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The ERIC/OSEP Special Project


OSEP, Ideas that Work

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Development funded by the U.S. Office of Special Education Programs

NEWS BRIEF

Increasing the Accuracy with Which Teachers Implement Research-Based Interventions

Professional development in schools is often accomplished by means of in-service seminars. Research-based interventions may be taught to special and general educators, who then return to their classrooms and try to use the interventions in their instruction. Too often, the effect of this type of in-service wears off after a short period of time.

A recent study funded by OSEP developed the research lead teacher (RLT) model, in which a teacher knowledgeable about both research-based interventions and research methods provides continued support to general education teachers who learn and implement a strategy instruction process in their classrooms. Findings from the study indicate that continued availability of the researcher through the RLT model can help teachers more fully implement the interventions.

The study, directed by Spencer and Logan, examined four activities necessary to bridge the gap between research and practice in schools. The RLT model addresses four activities:

  1. Engaging in effective research to practice activities, usually through having a person, who knows both research based interventions and how to conduct research working with teachers in a sustained and intensive way
  2. Engaging in effective staff development that is active, in-depth, and actually teaches how to implement research-based strategies through observation, coaching, and data based feedback
  3. Using peer teachers to support each other through a teacher study group format as they develop and reflect on new skills
  4. Finding effective, research-based strategies that address the needs of students with disabilities as well as other general education students who may be experiencing difficulty in learning.

The model employs a research lead teacher (RLT), a person who is knowledgeable about research-based interventions and research methods, has expertise in staff development procedures, works as a mentor teacher in the school, and knows the other teachers. The RLT serves as research consultant, trainer, mentor and strategy provider to the teachers.

The study compared the effectiveness of the RLT model in implementing a specific instructional strategy, Benchmark Strategy Instruction Process, under two conditions: a traditional half-day in-service session given by the RLT, and an ongoing study group with expert facilitation, modeling, coaching, observation, and data-based feedback by the RLT. (The RLT in the study was a doctoral student with a knowledge of research-based instructional strategies and staff development procedures who was also a half-time teacher mentor at the school without classroom responsibilities.) As reported in the study, the RLT "played a key role in observing and talking with teachers on an ongoing basis about specific learning and behavior problems in their classrooms. These observations and conversations were initiated by the teachers and led to ongoing relationships of trust and support."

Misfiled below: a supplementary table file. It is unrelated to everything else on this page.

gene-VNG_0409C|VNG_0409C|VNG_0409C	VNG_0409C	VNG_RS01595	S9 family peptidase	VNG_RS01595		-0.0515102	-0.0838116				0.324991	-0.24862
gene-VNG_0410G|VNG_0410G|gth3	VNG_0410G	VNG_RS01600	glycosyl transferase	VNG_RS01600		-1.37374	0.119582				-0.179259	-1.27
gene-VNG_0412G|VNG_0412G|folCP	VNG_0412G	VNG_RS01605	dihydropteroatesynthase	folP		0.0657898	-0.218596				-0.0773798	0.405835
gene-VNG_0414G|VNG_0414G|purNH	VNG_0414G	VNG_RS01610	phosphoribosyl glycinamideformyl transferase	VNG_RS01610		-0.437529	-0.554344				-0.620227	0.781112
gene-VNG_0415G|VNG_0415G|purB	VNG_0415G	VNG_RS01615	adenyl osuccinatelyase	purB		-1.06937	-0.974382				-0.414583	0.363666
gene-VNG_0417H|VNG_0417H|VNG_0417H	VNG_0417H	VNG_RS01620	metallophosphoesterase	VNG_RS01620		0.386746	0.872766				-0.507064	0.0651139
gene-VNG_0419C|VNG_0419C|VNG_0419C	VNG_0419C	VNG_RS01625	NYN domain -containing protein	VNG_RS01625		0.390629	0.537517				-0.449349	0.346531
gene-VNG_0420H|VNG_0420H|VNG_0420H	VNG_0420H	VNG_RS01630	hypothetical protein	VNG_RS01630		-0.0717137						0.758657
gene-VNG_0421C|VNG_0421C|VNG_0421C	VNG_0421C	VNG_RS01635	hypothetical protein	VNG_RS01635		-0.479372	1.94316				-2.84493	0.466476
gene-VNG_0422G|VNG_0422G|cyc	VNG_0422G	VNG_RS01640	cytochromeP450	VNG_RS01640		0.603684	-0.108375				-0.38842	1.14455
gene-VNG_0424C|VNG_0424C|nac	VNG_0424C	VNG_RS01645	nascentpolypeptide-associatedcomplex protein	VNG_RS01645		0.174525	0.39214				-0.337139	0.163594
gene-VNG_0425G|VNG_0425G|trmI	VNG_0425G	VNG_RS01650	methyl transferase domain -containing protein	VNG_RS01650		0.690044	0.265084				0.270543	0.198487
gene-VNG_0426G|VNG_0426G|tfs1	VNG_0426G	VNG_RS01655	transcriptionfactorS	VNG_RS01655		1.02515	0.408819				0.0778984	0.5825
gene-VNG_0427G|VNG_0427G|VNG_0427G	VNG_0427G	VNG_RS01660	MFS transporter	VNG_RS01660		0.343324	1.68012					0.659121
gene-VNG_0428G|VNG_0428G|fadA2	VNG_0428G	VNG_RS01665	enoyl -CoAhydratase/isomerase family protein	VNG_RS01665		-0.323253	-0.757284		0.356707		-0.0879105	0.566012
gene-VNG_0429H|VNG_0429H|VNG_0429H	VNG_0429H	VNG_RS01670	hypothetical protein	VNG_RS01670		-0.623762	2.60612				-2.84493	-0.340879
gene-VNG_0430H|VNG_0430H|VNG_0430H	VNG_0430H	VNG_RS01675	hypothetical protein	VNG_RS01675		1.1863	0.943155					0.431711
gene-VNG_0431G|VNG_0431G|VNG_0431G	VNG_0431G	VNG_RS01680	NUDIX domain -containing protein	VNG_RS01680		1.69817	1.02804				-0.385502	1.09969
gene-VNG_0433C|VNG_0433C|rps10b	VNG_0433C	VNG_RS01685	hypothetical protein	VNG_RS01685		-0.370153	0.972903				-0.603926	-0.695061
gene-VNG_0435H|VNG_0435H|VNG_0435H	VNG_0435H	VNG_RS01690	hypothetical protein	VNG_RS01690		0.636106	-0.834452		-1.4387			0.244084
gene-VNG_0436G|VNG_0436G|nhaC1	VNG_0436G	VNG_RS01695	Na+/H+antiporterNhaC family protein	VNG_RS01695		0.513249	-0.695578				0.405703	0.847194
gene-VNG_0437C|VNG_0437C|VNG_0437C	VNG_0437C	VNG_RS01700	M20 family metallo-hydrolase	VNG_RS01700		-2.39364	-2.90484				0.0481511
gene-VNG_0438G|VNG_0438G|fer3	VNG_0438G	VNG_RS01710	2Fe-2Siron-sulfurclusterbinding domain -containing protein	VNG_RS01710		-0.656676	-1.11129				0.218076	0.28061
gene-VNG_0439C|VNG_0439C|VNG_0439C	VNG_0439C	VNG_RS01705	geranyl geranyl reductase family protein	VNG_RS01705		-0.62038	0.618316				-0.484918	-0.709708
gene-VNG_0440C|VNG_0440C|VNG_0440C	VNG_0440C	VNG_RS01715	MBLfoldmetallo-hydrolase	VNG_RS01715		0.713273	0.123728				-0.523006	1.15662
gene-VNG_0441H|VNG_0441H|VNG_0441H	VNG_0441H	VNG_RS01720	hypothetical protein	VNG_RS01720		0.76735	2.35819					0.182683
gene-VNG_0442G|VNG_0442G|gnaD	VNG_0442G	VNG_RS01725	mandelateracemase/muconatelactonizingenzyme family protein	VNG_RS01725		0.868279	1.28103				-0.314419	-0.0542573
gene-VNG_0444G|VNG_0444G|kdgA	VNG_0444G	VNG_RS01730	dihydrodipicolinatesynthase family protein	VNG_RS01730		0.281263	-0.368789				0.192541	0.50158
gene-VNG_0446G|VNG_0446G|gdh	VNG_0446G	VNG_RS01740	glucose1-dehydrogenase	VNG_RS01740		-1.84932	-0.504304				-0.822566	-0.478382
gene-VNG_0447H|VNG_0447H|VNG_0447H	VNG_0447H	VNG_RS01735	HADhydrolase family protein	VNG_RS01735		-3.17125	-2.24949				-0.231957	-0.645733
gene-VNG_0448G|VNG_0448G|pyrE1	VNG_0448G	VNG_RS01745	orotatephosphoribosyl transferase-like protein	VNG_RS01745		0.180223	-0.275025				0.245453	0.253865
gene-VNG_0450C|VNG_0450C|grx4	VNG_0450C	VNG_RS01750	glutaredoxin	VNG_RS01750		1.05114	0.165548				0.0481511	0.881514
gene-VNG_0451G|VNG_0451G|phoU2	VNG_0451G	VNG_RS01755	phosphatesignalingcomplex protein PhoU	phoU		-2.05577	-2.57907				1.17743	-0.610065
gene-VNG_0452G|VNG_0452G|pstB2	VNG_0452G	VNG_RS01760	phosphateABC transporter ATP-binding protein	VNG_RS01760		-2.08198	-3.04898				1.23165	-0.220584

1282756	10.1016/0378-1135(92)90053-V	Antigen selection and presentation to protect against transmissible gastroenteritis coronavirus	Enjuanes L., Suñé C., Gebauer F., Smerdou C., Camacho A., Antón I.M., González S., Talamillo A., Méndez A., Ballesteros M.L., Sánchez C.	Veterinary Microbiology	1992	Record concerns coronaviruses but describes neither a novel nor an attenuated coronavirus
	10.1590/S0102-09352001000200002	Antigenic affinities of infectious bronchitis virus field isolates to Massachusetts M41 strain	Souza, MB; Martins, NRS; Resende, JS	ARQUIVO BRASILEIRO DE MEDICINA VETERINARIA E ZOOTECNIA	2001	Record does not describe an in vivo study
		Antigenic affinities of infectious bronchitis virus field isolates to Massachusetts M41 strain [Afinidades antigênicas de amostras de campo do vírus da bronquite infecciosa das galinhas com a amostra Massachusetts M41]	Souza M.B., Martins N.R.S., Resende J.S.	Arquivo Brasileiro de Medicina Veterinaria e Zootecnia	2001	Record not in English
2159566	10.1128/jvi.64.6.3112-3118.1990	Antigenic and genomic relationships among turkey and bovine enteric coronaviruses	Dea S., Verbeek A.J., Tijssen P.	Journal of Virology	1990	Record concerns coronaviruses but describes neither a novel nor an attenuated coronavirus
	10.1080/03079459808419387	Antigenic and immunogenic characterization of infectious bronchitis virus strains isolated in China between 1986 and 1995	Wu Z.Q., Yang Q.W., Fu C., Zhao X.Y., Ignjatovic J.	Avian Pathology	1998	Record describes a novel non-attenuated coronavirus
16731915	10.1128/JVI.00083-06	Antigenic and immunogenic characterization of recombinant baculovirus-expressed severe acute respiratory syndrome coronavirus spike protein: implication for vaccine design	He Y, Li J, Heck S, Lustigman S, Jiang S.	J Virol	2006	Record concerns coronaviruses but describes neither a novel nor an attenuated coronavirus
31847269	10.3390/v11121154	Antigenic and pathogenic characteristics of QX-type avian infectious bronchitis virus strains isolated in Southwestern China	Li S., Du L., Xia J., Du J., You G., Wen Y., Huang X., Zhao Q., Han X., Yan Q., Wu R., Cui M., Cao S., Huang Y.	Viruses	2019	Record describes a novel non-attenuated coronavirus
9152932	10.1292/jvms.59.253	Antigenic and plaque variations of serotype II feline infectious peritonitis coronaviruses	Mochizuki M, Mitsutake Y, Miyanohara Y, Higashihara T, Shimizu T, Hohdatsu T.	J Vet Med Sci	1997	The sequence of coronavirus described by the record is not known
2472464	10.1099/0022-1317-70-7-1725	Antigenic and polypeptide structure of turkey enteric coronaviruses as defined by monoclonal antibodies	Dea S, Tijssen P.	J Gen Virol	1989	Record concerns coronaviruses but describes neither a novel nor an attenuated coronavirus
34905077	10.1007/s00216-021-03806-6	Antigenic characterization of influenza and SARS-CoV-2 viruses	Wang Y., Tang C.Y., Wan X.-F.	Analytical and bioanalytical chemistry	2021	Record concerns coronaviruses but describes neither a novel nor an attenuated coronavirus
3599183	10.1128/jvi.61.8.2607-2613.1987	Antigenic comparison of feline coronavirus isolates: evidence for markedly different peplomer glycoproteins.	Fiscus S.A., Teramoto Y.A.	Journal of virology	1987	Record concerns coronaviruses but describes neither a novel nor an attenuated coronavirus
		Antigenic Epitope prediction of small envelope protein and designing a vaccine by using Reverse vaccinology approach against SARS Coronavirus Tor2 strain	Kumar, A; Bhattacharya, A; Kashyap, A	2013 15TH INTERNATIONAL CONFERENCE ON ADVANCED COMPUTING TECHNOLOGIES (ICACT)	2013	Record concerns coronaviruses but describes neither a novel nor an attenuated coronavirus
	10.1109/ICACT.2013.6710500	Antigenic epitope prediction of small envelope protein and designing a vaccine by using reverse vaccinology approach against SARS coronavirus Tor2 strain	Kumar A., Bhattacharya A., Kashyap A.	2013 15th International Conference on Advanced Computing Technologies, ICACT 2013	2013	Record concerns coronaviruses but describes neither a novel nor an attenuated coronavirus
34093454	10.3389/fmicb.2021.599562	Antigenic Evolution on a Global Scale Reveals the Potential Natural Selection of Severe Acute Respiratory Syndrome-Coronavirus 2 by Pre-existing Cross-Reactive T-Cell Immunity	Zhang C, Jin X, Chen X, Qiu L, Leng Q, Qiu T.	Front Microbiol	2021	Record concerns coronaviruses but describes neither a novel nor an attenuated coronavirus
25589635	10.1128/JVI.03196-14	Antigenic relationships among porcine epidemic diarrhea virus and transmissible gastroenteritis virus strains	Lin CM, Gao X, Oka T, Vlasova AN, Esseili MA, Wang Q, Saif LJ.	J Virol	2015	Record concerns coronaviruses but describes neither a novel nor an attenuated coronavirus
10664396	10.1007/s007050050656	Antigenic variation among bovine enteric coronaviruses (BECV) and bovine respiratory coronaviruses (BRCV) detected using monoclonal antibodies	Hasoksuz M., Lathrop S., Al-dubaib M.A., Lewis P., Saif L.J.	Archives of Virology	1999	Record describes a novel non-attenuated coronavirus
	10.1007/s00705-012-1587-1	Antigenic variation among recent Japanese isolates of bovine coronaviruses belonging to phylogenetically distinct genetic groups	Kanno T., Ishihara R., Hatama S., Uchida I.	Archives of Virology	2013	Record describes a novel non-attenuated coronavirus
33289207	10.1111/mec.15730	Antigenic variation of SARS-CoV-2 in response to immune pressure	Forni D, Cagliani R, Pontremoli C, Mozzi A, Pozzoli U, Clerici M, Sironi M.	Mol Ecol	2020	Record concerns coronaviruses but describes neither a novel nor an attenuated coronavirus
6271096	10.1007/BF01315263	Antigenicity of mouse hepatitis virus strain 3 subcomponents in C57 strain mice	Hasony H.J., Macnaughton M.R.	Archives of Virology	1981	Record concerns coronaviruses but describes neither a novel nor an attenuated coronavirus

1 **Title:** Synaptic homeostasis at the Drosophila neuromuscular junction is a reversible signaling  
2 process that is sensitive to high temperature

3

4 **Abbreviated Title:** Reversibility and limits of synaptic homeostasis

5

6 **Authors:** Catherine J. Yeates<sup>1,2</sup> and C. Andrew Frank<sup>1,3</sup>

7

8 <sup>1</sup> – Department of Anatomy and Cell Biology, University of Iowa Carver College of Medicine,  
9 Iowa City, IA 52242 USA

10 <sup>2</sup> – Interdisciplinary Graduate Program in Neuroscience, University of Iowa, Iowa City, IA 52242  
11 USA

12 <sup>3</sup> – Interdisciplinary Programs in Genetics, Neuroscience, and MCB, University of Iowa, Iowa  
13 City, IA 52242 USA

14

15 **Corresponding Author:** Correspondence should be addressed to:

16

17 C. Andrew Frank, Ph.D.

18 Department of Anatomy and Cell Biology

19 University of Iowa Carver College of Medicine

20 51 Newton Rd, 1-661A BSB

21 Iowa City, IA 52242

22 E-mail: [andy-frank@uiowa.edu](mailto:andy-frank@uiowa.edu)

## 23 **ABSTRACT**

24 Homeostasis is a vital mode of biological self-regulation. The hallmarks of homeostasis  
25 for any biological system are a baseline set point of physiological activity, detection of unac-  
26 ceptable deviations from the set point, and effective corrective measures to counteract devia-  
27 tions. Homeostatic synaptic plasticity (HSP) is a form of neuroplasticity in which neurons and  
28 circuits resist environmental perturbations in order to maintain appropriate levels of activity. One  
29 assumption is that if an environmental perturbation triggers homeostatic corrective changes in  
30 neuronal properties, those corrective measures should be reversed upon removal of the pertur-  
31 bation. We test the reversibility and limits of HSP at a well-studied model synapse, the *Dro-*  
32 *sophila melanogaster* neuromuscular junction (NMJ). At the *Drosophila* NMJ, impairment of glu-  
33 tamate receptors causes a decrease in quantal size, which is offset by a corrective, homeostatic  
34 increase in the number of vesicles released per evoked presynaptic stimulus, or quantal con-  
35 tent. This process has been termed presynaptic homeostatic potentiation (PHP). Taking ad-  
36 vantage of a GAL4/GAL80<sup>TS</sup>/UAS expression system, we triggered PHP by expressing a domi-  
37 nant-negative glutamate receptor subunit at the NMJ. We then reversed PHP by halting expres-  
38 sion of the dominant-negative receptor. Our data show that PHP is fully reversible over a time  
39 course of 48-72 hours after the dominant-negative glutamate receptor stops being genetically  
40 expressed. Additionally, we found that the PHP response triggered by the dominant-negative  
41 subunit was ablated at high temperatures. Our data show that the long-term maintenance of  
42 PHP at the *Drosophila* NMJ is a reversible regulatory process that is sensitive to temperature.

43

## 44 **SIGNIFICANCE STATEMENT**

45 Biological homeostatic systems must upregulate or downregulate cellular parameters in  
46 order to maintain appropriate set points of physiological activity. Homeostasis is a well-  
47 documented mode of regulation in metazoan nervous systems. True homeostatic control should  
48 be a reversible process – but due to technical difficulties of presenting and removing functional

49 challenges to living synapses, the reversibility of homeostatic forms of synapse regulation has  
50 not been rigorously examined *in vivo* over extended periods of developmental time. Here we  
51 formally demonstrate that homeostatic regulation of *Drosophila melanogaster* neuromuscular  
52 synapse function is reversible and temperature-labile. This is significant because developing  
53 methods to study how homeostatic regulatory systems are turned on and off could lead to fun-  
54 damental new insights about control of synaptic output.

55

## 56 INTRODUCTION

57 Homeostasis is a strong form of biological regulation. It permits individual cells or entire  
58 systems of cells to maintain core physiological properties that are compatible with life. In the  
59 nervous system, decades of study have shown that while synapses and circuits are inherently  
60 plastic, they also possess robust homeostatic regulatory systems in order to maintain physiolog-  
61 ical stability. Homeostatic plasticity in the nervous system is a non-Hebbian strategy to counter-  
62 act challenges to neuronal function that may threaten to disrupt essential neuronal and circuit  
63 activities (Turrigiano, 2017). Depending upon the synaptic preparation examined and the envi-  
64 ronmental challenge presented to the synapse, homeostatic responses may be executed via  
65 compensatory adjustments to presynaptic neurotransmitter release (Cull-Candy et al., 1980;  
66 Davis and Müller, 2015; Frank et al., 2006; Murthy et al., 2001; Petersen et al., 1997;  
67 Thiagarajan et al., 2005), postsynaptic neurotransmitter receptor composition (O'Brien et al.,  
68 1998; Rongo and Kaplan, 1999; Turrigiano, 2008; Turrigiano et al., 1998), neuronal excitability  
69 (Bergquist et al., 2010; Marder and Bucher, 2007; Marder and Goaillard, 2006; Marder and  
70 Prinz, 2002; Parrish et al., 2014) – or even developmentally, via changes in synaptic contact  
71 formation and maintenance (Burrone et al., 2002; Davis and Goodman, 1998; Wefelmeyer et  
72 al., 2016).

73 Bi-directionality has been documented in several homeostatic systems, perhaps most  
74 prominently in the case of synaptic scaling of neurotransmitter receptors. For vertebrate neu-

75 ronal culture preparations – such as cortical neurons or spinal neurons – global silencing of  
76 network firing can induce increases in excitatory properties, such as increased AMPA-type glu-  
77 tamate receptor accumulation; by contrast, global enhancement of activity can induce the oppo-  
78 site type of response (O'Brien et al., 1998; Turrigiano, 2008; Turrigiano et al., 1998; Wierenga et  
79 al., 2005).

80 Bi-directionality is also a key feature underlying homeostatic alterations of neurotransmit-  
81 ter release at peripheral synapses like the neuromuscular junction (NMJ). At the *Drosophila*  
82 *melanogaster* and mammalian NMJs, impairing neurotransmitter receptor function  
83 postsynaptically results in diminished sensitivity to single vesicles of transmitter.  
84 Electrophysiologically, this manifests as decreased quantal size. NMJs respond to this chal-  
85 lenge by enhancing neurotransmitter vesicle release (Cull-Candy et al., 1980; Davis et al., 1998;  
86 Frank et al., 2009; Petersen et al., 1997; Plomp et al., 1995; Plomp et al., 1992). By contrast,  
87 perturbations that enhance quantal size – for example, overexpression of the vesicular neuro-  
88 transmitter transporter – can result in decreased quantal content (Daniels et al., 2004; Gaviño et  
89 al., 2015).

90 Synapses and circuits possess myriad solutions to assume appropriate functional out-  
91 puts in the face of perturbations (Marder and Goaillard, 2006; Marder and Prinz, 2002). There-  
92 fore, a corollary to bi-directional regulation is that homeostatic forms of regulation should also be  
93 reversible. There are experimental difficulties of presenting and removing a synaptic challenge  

The school where the study was conducted was in a large suburban district and had a large, heterogeneous student population. Nine teachers, kindergarten through fifth grade, participated in each of the two groups: the intervention group was provided observations and support by the RLT, and the control group received only the half-day in-service training , with no feedback from the data collectors or the RLT. Benchmark Strategy Instruction includes eight content steps and seven process steps. Over nine weeks, the frequency with which teachers used the steps and how they were used was measured by observation of the teachers' practice.

Immediately after the in-service training, both groups implemented an average of 4.4 of 8 of the "content" steps in the intervention and 2.5 of 7 "process" steps. As the weeks went by, use of the intervention continued to decrease in the control group of teachers but in the intervention group, it remained much higher and was much more consistently implemented.

Overall results of the study indicate that the RLT model is effective in training general educators to implement such interventions as the Benchmark Strategy Instruction Process, but they also show that "traditional in-service without any follow-up was not effective staff development, since none of the control group teachers consistently implemented the [intervention]." This suggests that teachers need ongoing support to implement research-based procedures and that the RLT model is one effective model for helping general education teachers to make better use of interventions in their instruction.

The research in the study was supported by the Office of Special Education Programs at the US Department of Education, Grant #H023G50033, Kent Logan, Project Director. For more information about the RLT model and the Benchmark Strategic Instruction Process, see Spencer, Sue S. and Logan, Kent R., "Bridging the Gap: A School Based Staff Development Model that Bridges the Gap from Research to Practice, " Teacher Education and Special Education 26, No. 1 (2003): 51-62.

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Last updated: August 13, 2003
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